The physics are simple enough to make the game look almost like the original (of course, it’s substantially less feature-complete). Collisions with the scenery are handled in a per-tile basis where each tile has its own collision properties.

The game logic and automatas glue everything else up.

Regarding sound, the Windows MM API is used and there’s a folder with .wav sound cues and BGM on it. But I have recently discovered that it freezes on Windows 7 when it tries to play more than one sound simultaneously. But there’s a workaround.

The final boss is a funny inter-company match where Super Mario throws items from his game 😀

The whole game was created from scratch in about three weeks working about 4 hours per day in the evenings.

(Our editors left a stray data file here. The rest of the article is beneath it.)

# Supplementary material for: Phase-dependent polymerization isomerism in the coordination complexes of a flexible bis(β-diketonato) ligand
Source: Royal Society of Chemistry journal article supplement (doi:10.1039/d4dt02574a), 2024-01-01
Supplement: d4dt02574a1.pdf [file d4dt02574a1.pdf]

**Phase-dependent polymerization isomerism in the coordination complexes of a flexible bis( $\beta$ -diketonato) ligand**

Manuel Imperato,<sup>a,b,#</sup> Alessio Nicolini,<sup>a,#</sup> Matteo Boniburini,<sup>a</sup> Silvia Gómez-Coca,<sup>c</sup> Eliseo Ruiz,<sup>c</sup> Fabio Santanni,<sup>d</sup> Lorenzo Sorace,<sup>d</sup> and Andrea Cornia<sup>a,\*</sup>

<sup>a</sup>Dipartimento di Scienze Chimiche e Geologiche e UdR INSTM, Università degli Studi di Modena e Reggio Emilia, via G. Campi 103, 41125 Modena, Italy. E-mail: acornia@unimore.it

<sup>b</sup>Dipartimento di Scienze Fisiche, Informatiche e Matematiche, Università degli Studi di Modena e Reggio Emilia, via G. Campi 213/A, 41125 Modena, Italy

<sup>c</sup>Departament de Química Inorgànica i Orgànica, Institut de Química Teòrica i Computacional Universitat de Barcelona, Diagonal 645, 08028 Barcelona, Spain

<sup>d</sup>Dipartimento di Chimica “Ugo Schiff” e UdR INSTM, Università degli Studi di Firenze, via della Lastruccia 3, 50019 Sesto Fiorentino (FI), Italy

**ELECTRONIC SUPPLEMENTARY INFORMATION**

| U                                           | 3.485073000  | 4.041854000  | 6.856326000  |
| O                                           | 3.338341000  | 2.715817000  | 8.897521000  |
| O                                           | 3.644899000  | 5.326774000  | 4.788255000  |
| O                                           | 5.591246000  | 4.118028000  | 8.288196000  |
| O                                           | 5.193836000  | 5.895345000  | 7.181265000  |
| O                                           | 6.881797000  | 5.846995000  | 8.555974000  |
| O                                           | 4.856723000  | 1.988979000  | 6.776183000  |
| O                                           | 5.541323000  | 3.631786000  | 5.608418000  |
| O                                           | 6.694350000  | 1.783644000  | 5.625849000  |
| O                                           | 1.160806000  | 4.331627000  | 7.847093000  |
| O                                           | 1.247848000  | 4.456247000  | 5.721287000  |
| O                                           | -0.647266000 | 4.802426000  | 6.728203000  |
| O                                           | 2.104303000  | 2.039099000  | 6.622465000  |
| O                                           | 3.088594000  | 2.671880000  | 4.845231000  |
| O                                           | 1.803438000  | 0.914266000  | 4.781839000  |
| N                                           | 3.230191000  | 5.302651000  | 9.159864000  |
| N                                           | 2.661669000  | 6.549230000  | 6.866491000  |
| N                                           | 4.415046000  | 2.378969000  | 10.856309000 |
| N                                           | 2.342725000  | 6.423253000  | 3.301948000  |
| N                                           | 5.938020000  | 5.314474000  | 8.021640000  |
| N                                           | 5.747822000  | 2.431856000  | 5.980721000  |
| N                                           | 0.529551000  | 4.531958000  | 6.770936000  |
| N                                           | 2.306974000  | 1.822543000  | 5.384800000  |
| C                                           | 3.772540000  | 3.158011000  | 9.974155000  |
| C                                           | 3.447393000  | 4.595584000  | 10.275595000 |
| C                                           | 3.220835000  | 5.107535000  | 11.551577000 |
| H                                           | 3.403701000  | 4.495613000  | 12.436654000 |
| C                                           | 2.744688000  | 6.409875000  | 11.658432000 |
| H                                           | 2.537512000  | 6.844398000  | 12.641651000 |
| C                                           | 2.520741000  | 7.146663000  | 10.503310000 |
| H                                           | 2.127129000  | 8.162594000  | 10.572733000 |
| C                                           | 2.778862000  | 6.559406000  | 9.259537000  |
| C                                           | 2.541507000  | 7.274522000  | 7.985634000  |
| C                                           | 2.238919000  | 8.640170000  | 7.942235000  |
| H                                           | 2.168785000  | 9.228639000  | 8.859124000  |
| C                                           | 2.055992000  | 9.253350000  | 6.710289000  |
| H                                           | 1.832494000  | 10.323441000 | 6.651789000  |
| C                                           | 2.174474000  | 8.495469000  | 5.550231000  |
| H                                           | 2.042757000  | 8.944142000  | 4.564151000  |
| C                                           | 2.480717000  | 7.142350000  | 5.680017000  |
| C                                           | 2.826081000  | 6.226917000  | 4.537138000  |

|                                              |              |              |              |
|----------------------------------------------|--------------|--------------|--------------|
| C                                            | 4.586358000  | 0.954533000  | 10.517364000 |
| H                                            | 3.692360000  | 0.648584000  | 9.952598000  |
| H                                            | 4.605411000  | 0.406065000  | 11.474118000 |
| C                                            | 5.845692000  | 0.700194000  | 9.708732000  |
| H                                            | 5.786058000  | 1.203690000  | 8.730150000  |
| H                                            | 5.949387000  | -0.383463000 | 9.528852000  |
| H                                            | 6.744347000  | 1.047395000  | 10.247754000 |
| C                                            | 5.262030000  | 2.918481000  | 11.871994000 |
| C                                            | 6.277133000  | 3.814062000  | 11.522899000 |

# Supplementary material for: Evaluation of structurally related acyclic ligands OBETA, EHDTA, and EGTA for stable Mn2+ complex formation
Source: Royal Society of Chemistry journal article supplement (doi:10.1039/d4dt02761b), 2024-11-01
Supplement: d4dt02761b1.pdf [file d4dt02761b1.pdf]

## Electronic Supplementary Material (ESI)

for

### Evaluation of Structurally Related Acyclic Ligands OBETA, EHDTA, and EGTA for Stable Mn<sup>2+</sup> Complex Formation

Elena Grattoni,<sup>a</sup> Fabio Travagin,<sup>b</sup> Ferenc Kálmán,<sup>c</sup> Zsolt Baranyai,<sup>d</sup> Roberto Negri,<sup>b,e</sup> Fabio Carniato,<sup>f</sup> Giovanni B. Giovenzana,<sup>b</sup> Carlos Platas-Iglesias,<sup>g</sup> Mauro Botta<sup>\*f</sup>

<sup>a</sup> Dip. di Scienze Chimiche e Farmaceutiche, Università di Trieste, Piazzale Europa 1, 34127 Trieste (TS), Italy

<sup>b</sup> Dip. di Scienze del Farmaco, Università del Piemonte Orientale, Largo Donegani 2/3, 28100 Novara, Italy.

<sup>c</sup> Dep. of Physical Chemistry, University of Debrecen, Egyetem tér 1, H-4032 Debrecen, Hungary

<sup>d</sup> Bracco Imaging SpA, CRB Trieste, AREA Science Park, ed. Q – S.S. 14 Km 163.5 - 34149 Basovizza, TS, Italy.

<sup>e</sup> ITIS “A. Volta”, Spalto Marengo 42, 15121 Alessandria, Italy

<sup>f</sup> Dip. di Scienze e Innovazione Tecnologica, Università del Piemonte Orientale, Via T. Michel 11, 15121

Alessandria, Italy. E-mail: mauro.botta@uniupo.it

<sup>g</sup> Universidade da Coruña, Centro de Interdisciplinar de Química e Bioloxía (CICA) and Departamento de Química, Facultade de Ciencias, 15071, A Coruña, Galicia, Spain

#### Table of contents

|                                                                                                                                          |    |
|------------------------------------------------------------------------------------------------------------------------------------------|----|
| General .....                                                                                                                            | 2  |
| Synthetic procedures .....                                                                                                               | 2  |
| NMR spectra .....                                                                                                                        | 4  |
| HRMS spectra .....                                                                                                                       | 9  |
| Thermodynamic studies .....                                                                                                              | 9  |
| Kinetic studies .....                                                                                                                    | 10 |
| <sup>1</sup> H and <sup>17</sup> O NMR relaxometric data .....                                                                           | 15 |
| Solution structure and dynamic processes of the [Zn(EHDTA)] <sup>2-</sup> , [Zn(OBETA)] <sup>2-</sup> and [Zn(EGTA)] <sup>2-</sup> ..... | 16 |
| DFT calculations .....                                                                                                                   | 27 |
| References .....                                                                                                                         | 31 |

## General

Unfortunately and due to a hard disk failure, I lost the source code, but I still have the binaries.

And I keep it as a bit of history.

Dead And Angry

Posted: July 14, 2011 in Computer Graphics, Games

That is the spooky title we gave to a demo game we’ve made at the URJC.

This game has been made by a team of 4 people (which includes me) with no prior knowledge of Unreal Development Kit.

It features custom models, AI, sceneries, UI, cinematics, gameplay and a mutiplayer mode.

In my opinion, UDK can be an extremely sweet tool for artists and designers but it can also be a pain to programmers (let’s recall that I’m talking about the free UDK version) due to the lack of consistent and well-organized documentation and examples. But in the other hand, the community is very active and responsive.

All I have to say is that we’ve learned a lot about the whole process of making a game, especially about how important the preproduction is. And how many features you have to prematurely trash due to deadlines.


This was a project for my Masters in Computer Graphics, Games and Virtual Reality at URJC.